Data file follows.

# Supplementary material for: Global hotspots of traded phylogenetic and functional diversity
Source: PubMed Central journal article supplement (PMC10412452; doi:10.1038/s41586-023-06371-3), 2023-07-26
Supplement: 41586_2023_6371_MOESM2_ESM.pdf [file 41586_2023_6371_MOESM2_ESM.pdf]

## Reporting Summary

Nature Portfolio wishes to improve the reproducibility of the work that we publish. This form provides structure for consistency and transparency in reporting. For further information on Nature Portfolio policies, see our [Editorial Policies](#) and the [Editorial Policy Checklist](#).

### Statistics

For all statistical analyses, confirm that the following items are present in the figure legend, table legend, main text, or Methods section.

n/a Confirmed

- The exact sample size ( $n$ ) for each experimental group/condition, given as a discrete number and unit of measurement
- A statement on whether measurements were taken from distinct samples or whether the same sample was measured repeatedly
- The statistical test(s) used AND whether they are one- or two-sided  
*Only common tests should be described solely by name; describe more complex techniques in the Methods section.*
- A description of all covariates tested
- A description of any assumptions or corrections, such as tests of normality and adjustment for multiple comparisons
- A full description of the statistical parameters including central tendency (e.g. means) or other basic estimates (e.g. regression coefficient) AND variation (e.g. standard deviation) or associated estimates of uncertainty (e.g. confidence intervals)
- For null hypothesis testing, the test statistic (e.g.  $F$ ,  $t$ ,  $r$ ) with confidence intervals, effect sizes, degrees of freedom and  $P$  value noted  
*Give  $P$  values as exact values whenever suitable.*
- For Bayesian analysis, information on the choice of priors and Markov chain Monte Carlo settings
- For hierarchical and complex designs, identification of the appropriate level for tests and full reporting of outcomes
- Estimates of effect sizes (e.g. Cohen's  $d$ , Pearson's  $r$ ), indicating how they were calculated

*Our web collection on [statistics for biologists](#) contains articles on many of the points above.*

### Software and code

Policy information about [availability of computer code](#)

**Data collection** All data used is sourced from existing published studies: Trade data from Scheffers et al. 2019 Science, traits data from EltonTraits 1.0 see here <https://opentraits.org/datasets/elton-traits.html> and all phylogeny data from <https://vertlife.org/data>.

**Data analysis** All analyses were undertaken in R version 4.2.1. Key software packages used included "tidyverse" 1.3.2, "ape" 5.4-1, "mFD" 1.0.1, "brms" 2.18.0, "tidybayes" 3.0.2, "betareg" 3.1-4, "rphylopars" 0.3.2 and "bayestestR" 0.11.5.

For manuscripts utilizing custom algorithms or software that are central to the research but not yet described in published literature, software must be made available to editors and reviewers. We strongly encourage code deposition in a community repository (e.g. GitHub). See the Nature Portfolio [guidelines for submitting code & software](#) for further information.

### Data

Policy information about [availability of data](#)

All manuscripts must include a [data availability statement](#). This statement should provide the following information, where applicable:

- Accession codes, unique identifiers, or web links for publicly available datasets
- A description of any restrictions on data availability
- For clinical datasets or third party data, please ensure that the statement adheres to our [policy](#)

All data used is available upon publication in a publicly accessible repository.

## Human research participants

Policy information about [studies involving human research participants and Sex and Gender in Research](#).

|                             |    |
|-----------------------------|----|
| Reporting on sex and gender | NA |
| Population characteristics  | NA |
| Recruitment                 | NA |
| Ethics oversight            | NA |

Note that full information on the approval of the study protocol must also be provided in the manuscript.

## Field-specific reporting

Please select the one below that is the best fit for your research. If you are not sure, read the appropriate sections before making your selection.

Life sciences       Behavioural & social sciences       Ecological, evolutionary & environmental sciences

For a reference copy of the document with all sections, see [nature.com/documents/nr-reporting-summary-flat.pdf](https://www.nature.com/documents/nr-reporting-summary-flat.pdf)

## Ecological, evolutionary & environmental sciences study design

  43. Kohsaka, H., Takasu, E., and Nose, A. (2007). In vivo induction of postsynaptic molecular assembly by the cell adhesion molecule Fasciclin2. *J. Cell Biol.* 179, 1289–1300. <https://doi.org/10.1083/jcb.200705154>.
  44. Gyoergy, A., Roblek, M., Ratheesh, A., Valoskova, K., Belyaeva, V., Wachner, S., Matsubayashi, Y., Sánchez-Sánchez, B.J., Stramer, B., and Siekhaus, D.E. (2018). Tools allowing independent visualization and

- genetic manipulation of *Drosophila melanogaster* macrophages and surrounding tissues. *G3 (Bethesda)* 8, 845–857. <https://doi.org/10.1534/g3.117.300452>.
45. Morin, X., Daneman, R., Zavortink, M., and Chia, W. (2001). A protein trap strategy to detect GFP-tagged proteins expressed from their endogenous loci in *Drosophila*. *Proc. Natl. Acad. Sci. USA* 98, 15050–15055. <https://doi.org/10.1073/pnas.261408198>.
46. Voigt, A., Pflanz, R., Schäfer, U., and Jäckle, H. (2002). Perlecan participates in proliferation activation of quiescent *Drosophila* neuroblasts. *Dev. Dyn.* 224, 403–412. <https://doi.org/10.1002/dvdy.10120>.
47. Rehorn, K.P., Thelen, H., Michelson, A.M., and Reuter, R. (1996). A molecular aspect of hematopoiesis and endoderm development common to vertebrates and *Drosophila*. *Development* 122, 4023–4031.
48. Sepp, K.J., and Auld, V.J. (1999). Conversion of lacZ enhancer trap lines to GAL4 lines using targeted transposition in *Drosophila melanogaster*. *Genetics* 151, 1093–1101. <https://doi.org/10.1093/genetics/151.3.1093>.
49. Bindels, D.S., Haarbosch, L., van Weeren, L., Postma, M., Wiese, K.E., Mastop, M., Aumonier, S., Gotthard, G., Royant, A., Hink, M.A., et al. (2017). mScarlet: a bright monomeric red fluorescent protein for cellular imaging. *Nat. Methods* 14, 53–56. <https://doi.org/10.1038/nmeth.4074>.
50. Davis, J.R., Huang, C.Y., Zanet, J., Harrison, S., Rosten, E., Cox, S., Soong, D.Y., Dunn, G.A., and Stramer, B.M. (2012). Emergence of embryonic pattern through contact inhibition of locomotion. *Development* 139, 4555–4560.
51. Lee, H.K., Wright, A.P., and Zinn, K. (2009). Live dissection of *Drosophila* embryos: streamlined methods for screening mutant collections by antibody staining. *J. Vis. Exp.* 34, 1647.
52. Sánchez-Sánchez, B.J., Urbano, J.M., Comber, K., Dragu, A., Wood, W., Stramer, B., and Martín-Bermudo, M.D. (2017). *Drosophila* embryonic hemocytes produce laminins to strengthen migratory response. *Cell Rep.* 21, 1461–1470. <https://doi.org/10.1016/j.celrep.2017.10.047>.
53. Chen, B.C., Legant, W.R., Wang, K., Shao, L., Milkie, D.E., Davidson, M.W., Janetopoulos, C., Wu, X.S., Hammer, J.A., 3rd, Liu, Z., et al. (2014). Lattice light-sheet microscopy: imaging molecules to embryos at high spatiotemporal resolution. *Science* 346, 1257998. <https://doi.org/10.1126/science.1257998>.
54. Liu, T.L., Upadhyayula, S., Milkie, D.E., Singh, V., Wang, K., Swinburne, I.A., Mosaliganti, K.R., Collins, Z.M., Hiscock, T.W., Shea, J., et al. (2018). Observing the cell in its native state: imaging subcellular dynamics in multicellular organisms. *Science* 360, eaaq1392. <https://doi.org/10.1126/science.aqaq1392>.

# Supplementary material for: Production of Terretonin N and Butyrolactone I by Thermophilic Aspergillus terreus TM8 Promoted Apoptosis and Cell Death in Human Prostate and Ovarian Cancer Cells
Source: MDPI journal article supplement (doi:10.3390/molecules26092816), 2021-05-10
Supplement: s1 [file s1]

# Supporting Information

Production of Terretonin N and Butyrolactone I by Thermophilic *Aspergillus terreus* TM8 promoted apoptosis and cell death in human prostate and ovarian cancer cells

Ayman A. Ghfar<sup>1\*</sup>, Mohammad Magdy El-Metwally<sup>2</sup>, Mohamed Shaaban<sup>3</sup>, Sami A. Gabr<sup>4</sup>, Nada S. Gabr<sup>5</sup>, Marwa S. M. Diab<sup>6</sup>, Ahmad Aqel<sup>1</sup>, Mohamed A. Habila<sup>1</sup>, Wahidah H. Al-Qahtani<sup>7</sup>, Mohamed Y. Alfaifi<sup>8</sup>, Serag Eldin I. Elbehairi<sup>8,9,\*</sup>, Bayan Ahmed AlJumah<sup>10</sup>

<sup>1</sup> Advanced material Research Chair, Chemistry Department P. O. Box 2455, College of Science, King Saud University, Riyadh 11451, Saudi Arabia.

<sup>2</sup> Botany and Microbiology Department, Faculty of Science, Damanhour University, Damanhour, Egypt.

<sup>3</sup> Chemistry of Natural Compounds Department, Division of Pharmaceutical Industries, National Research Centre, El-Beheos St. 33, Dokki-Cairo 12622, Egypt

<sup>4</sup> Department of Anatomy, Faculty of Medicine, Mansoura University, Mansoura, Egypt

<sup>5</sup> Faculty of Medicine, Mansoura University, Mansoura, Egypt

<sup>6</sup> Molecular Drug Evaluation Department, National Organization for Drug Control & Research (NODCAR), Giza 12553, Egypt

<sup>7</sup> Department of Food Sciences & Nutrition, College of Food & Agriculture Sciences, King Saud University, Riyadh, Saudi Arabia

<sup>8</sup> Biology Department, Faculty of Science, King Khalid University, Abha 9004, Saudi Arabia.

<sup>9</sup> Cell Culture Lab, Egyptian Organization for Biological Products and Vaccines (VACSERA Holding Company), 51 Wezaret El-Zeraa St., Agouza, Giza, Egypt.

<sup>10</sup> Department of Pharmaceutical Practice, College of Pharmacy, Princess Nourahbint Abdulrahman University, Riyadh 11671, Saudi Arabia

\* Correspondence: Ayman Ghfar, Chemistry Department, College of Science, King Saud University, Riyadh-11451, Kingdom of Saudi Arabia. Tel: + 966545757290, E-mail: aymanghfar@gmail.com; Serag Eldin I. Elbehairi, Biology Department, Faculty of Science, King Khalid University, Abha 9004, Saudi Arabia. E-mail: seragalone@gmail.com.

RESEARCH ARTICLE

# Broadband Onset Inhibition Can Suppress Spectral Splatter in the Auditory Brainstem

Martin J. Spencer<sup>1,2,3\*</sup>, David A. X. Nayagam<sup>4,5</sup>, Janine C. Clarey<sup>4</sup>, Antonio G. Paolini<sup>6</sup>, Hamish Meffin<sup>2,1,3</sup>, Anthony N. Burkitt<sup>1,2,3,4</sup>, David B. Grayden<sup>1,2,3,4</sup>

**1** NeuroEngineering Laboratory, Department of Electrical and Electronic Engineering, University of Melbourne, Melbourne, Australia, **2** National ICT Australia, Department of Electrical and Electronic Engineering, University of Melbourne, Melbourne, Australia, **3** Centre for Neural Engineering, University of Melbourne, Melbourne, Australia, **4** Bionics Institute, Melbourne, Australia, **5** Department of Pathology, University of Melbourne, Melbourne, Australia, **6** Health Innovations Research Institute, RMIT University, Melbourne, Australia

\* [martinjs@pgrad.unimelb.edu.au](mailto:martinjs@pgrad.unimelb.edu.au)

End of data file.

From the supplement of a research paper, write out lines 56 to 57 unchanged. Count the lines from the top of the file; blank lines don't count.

50. Davis, J.R., Huang, C.Y., Zanet, J., Harrison, S., Rosten, E., Cox, S., Soong, D.Y., Dunn, G.A., and Stramer, B.M. (2012). Emergence of embryonic pattern through contact inhibition of locomotion. *Development* 139, 4555–4560.
51. Lee, H.K., Wright, A.P., and Zinn, K. (2009). Live dissection of *Drosophila* embryos: streamlined methods for screening mutant collections by antibody staining. *J. Vis. Exp.* 34, 1647.